2.3.2. Hydrogen Peroxide Scavenging Activity

The method used for the determination of the scavenging activity of H2O2 by the phenothiazine derivatives was according to Ruch and collaborators [35]. A volume of 4 mL of each of the phenothiazine derivatives and vitamin C at various concentrations (0.125, 0.25, 0.5, and 1.0 mg/mL) was mixed with 0.6 mL of 4 mM H2O2 solution prepared in phosphate buffer (0.1 M, pH 7.4) and incubated for 10 min. The absorbance of the solutions was taken at 230 nm against blank solution containing the phenothiazine derivatives without H2O2. The amount of H2O2 radical inhibited by the extract was calculated using the following equation: where is the absorbance of H2O2 radical + solvent (methanol + benzene); is the absorbance of H2O2 radical + phenothiazine derivatives or vitamin C.

2.4. Animals and Handling

A total of 20 healthy albino rats of both sexes weighing 85 g–210 g were collected from the Department of Biological Sciences, University of Nigeria Nsukka, and transported to the animal house of Godfrey Okoye University, Enugu, Nigeria. The animals were housed in steel cages and were acclimatized at room temperature for a period of five weeks under standard environmental conditions with a 12-hour light/dark phase and were allowed access to food (top feeds, growers mash) and water ad libitum twice daily.

2.5. Experimental Design

The 20 rats were randomized into four groups consisting of five animals each and orally given treatment daily for seven days.

Group 1 were administered a solution of 6-chloro-11-azabenzo[a]phenothiazine-5-one at a dose of 50 mg/kg of body weight of the animal.

Group 2 were given a solution of 6-[4-bromophenyl]-10-methyl-11-azabenzo[a]phenothiazine at a dose of 25 mg/kg body weight of the animal.

Group 3 (positive control) received a solution of ascorbic acid at a dose of 90 mg/kg body weight of the animal.

Group 4 which served as the normal control were given 0. 5 mL of a 2 : 1 mixture of benzene and methanol (experimental design is summarized in Figure 2).

Figure 2: Experimental design chart. PA: 6-chloro-11-azabenzo[a]phenothiazine-5-one; PB: 6-[4-bromophenyl]-10-methyl-11-azabenzo[a]phenothiazine-5-one.
2.6. Collection of Samples

After five days of treatment, the animals were fasted for 24 hours. Blood samples were collected from the different groups of animals via cardiac puncture and their livers were removed via dissection. The blood samples were centrifuged to obtain serum while the livers were washed with normal saline solution. The samples were stored at 4°C for further analysis.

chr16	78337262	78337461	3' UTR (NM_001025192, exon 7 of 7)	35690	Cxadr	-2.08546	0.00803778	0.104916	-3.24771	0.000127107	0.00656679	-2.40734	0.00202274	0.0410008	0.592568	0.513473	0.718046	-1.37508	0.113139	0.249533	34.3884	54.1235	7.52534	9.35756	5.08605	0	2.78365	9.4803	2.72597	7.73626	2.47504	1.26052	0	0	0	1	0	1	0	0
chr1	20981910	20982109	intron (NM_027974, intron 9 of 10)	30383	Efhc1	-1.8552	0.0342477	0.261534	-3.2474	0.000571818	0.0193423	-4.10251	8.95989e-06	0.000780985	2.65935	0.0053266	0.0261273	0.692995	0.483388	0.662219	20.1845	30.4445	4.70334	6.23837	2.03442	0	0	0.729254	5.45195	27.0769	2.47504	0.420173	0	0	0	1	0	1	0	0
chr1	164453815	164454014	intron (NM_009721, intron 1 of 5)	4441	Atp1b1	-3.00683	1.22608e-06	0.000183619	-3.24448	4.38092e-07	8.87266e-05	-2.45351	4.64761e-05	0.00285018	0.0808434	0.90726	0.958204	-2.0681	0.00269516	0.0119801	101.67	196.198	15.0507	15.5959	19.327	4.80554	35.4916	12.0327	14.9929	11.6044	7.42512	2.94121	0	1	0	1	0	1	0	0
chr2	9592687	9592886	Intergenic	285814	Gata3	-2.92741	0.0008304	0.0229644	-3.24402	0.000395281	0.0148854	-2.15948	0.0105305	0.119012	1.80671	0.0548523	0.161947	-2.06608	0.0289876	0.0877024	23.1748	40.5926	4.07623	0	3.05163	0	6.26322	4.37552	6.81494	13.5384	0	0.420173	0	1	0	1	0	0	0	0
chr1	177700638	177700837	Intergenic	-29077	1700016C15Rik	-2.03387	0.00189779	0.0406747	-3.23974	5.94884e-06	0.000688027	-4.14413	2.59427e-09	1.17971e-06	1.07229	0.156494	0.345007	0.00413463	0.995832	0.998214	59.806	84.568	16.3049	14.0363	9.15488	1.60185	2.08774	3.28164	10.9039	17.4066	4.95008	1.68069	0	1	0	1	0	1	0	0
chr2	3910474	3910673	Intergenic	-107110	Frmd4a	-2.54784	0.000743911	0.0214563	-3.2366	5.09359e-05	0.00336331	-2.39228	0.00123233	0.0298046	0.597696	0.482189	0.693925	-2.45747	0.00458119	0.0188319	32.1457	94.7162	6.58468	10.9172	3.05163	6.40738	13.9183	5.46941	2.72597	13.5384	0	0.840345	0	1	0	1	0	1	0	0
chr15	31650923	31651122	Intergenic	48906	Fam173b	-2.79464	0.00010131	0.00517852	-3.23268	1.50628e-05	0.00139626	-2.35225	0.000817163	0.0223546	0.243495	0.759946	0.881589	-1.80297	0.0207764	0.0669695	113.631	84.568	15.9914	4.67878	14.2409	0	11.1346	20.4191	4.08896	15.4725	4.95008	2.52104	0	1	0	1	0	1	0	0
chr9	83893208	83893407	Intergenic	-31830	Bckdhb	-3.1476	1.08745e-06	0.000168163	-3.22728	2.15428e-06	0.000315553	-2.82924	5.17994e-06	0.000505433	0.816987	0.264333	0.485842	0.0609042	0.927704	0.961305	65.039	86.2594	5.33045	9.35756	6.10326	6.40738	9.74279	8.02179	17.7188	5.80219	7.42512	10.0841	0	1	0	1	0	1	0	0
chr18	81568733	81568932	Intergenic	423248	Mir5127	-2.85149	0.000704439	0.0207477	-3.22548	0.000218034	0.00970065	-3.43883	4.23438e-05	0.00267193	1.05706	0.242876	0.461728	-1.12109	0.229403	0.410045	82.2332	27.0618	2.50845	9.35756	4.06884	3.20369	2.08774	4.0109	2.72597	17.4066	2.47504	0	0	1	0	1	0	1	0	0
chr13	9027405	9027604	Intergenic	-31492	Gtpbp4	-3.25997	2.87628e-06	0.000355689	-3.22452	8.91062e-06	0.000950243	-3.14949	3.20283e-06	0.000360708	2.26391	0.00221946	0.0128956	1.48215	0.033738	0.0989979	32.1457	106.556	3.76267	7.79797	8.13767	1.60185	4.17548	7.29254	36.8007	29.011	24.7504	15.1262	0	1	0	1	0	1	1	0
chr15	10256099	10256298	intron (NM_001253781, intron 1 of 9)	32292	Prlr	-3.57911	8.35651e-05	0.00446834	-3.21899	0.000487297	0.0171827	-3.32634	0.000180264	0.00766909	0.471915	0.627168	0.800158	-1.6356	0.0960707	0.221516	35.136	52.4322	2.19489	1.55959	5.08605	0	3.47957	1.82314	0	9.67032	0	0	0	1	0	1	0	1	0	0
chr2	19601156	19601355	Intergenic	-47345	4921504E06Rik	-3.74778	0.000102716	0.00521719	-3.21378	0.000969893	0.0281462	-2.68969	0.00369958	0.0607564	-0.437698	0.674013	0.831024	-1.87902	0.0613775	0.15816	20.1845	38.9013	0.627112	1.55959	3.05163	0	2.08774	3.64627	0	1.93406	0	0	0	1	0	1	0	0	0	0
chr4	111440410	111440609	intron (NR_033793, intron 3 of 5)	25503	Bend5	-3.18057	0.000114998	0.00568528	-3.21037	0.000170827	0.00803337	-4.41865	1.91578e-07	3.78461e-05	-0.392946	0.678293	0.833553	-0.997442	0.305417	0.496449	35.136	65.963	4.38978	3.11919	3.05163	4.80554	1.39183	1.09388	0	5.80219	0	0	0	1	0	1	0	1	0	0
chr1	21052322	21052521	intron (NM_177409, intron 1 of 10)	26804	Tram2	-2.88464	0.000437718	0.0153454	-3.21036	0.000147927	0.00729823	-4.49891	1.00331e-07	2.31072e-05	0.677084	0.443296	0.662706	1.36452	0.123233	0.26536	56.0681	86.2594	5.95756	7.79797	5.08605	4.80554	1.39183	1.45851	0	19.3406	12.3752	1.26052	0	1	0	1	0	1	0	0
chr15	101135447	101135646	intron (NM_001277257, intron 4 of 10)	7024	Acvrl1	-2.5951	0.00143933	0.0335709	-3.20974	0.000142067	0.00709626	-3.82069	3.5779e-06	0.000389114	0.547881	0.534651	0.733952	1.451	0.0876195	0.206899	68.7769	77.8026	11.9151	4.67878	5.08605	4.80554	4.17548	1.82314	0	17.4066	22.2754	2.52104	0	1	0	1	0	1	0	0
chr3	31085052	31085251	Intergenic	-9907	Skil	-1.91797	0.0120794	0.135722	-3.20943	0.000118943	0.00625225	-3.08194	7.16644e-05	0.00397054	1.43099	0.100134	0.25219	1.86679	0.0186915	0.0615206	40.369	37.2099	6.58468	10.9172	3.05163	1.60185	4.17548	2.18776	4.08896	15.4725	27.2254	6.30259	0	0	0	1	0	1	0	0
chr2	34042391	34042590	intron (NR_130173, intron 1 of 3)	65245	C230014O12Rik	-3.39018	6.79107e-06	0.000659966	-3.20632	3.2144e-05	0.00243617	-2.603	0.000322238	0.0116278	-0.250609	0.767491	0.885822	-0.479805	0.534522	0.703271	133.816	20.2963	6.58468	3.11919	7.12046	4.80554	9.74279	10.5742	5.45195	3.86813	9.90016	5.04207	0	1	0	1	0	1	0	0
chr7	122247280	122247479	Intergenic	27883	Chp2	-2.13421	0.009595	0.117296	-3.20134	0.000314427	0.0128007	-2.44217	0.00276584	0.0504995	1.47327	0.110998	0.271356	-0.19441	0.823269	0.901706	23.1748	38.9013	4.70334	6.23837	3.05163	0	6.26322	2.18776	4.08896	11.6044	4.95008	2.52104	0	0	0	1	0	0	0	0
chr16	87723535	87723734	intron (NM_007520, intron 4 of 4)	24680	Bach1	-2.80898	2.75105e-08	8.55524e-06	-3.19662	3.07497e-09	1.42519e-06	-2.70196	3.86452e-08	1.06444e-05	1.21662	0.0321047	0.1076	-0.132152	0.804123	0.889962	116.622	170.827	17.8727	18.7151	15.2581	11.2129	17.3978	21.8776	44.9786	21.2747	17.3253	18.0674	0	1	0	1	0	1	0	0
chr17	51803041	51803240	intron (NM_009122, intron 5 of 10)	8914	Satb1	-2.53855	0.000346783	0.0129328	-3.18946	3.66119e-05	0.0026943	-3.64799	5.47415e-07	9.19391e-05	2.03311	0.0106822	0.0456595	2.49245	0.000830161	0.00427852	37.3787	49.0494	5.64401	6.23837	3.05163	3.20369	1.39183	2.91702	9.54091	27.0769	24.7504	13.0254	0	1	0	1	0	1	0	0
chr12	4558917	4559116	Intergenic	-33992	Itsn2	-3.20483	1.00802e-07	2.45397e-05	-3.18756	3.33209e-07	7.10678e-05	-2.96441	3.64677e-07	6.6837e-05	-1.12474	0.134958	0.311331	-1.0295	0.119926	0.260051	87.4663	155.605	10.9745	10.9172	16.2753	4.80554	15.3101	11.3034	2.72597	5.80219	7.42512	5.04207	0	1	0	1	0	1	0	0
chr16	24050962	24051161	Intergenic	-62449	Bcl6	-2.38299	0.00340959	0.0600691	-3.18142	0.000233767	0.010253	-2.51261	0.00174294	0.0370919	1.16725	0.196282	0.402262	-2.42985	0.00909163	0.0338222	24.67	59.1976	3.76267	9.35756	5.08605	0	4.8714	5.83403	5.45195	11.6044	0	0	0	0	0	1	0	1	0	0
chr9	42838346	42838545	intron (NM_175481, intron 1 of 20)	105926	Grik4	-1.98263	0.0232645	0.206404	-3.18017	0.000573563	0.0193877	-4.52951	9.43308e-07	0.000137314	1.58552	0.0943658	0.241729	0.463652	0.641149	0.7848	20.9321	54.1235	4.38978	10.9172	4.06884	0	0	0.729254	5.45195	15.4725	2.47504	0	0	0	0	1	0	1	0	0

2.7. In Vivo Antioxidant Activity
2.7.1. Determination of Catalase Activity

The method described by Pari and Latha was employed for the determination of catalase activity [36]. The percentage of inhibition was evaluated following decrease in absorbance at 620 nm. The liver was homogenized in 0.01 M phosphate buffer (pH 7.0) and was centrifuged at 5000 rpm. The reaction mixture consisted of 0.4 mL of H2O2, (0.2 M), 1 mL of 0.01 M phosphate buffer (pH 7.0), and 0.1 mL of liver homogenate (10% w/v). Addition of 2 mL dichromate-acetic acid reagent (5% K2Cr2O7 prepared in glacial acetic acid) stopped the reaction. The absorbance was measured at 620 nm and recorded. The percentage inhibition was calculated using the following equation:where normal activity = hydrogen peroxide + phosphate buffer; inhibited activity = hydrogen peroxide + phosphate buffer + liver homogenate.

2.7.2. Estimation of Lipid Peroxidation

The lipid peroxidation in the liver was measured using the modified method of Niehaus Jr. and Samuelsson [37]. It was measured colorimetrically by thiobarbituric acid reactive substances (TBARS). A volume of 0.1 mL of liver homogenate (10% w/v) was treated with 2 mL of (1 : 1 : 1 ratio) TBA-TCA-HCL reagent (thiobarbituric acid 0.37%, 15% trichloroacetic acid, and 0.25 N HCL). All the tubes were placed in a boiling bath for 30 minutes and cooled. The amount of malondialdehyde (MDA) formed in each of the samples was assessed by measuring the absorbance of clear supernatant at 535 nm against reference blank. Concentration of MDA was calculated using the equationwhere is the absorbance of the sample, is the extinction coefficient (1.56 × 105 M−1 cm−1), and is the length of the light path (1 cm).

2.8. Assessment of Liver Parameters

Aspartate aminotransferase (AST), alanine aminotransferase (ALT), and total bilirubin were assayed as prescribed by the Randox test kits, UK.

2.9. Statistical Analysis

The data obtained was analyzed using Statical Package for Social Sciences (SPSS) version 16.0 and the results expressed as mean ± standard error. Significant differences of the results were established by one-way ANOVA and the acceptance level of significance was for all the results.

3. Results and Discussion

Phenothiazine, also called “10H-phenothiazine,” is a nitrogen and sulfur containing electron-rich, tricyclic molecule. Phenothiazines have gained particular importance in pharmaceutical application [38]. Phenothiazines undergo reversible one-electron oxidation processes with low potentials which lead to stable and deeply coloured radical cations [39]. New phenothiazines derivatives have been shown to possess antioxidant activity [28]. This includes benzothiazines [40], azaphenothiazines, and phenothiazine-aryl amines conjugates via acetyl group [41, 42]. These phenothiazine derivatives have shown both in vitro and in vivo antioxidant activities.